Well - What Did You Really Expect?

Human Behavior Drivers

It seems that we are constantly surprised by human behavior. This is especially true of society's leaders such as managers and executives or corporations, government officials, club executives etc. It can be equally true in family units and individual relationships. We seem to be astonished when people do not react as we expect them to do.

In reality, most behaviors are actually pretty predictable. It is our expectations that are often poorly grounded. People gravitate to behaviors that optimize pleasure or reward and/or avoid discomfort or punishment. When we view actions from an individual's perspective on these, the behaviors are pretty much what you would expect.

We see this in business all the time. How many times have you heard business leaders tell their staff that "Quality is our Top Priority!". Having said that, the reality from the lower rank's perspective is that cost overruns and delays are punished and on-time deliveries are rewarded. Who is going to risk stopping production over a quality issue? Yet when quality problems persist, management is astonished that their message did not get through. Actually the message did get through but it was not the one they vocalized. Well - what did you really expect?

Another common business example is the behaviors generated by the various management bonus programs that are so popular in western business. These bonuses are typically tied to certain measures that, if achieved, will result in bonus being paid. Most commonly these measures are financial and are related to the specific area the manager controls and not to the success of the enterprise overall. They are further eroded in value by the time base - often as much as 18 months between setting the bar and measuring the jump. Business conditions can vary significantly over such a period but the measures often remain the same. You can be sure that the manager being measured will act in a manner that ensures that the measures are met even if the actions taken are detrimental to the company as a whole. These actions may include cost cutting in one area that generates costs or revenue losses in another area, meeting performance numbers in activities that are measured to the detriment of others that may have grown in business importance or generating excess finished product inventory when sales have dropped. At the end, the executives are baffled as to how all these measures are being met but company performance is still poor. Well - what did you really expect?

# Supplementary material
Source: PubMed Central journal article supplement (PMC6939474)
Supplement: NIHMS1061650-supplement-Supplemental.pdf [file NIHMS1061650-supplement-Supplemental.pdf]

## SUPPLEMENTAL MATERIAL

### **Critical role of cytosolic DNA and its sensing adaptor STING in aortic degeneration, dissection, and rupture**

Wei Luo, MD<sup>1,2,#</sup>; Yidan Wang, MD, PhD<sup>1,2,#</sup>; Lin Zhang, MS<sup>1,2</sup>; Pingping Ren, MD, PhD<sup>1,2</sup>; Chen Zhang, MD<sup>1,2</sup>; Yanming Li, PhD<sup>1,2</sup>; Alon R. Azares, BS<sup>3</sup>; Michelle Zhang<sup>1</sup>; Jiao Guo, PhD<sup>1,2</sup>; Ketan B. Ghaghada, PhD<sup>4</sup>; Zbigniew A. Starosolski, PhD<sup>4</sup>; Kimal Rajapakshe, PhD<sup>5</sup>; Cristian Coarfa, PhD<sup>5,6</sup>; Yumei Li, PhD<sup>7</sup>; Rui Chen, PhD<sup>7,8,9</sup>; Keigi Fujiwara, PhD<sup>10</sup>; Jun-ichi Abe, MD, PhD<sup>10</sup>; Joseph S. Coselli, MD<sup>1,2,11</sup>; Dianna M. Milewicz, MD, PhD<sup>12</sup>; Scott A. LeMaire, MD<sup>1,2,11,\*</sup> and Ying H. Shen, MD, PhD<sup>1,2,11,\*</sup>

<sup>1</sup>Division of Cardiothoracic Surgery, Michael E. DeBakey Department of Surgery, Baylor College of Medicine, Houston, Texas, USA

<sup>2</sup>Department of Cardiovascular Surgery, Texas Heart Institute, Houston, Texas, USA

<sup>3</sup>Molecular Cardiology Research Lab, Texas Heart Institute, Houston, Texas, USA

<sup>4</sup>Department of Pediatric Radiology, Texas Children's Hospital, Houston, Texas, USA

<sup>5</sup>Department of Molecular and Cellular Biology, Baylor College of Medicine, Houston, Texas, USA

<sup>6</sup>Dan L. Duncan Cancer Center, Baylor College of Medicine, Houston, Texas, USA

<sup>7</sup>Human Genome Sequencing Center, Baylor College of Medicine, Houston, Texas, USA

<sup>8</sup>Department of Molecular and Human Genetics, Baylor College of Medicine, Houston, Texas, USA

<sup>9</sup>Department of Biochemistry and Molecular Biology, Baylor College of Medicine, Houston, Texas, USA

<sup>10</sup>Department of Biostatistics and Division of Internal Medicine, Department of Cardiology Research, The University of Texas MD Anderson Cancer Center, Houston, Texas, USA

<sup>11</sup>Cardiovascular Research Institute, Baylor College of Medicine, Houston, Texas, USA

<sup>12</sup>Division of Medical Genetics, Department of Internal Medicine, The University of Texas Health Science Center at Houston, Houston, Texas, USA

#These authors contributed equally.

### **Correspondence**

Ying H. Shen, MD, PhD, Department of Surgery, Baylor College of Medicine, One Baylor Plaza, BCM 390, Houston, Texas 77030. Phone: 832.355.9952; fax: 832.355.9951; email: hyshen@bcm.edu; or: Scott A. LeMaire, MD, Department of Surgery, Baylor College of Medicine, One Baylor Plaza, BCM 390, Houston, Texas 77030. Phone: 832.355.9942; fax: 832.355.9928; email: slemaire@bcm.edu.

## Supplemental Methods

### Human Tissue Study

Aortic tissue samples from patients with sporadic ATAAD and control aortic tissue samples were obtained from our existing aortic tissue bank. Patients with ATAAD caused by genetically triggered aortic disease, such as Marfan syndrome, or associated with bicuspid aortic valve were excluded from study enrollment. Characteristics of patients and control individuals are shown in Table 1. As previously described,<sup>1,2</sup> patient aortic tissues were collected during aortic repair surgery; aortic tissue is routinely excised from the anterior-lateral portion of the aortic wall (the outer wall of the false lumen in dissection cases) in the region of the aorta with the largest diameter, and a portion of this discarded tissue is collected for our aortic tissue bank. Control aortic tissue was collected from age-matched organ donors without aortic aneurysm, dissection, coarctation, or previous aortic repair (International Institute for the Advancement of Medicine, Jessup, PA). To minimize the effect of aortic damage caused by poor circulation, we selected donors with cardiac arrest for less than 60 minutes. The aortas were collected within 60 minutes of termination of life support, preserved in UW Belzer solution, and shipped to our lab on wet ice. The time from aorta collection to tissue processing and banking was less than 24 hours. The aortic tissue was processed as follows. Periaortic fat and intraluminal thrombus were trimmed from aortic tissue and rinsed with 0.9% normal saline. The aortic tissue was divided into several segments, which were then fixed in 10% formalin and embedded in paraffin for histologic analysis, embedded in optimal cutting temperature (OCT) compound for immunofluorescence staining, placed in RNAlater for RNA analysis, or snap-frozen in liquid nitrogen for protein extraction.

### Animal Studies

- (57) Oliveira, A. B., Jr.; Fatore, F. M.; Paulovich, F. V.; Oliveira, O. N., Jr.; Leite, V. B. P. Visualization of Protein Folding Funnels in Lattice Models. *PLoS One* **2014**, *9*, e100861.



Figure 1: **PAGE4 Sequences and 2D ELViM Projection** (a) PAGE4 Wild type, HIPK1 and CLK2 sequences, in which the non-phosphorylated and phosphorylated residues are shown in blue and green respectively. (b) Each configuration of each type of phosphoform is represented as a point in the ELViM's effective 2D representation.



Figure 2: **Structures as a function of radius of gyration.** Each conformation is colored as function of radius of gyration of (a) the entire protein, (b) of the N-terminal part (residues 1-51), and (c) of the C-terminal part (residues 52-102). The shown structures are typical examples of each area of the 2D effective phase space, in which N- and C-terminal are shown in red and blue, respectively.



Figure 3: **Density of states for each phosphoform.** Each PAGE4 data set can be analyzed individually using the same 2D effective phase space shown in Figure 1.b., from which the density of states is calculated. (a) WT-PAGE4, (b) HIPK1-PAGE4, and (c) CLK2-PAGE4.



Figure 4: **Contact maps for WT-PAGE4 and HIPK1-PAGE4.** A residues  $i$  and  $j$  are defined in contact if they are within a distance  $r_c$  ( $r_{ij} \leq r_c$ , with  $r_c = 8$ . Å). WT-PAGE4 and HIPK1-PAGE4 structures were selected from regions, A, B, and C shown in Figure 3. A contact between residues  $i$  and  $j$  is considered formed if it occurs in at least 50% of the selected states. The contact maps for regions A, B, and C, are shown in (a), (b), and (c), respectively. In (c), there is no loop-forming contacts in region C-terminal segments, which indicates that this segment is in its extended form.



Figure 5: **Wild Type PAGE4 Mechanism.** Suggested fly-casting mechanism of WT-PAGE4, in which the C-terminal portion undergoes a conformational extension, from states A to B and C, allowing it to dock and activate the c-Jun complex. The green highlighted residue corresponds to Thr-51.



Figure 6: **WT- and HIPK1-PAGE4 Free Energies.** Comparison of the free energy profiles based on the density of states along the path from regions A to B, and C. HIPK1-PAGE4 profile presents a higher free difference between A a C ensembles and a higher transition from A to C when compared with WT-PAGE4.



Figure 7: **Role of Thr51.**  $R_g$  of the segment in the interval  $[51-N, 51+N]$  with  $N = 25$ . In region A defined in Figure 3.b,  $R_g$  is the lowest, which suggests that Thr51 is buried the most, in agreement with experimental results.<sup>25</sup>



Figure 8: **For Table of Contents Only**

We find similar examples in our relationships. How often have you heard the complaint that someone can not understand why their wife, husband, child or significant other never confides or shares feelings with them. It usually does not take much digging to discover that past attempts to do so were treated with derision or off-hand "simple" solutions rather that the sympathetic sounding board that they were looking for. I can remember trying to discuss an inadvertent behavior problem I was having and was trying to correct with someone I thought I could trust. I was told "So stop doing it - what are you an idiot?". This was followed by an extended diatribe on my social inadequacies. That was the last time I confided in that individual. Some time later that same person wanted to know why I never discussed my problems. Well - what did you really expect?

We can even bring the discussion to a simple level. I have seem people call their dog to them and then proceed to punish it for some "accident". They then wondered why the animal did not come when it was called.  Well - what did you really expect?

If we want others to behave in certain ways, we have to remember these reward/punishment drivers. We have to remember that our actions speak a lot louder that our words.

Copyright © 2004 by Rod Vokey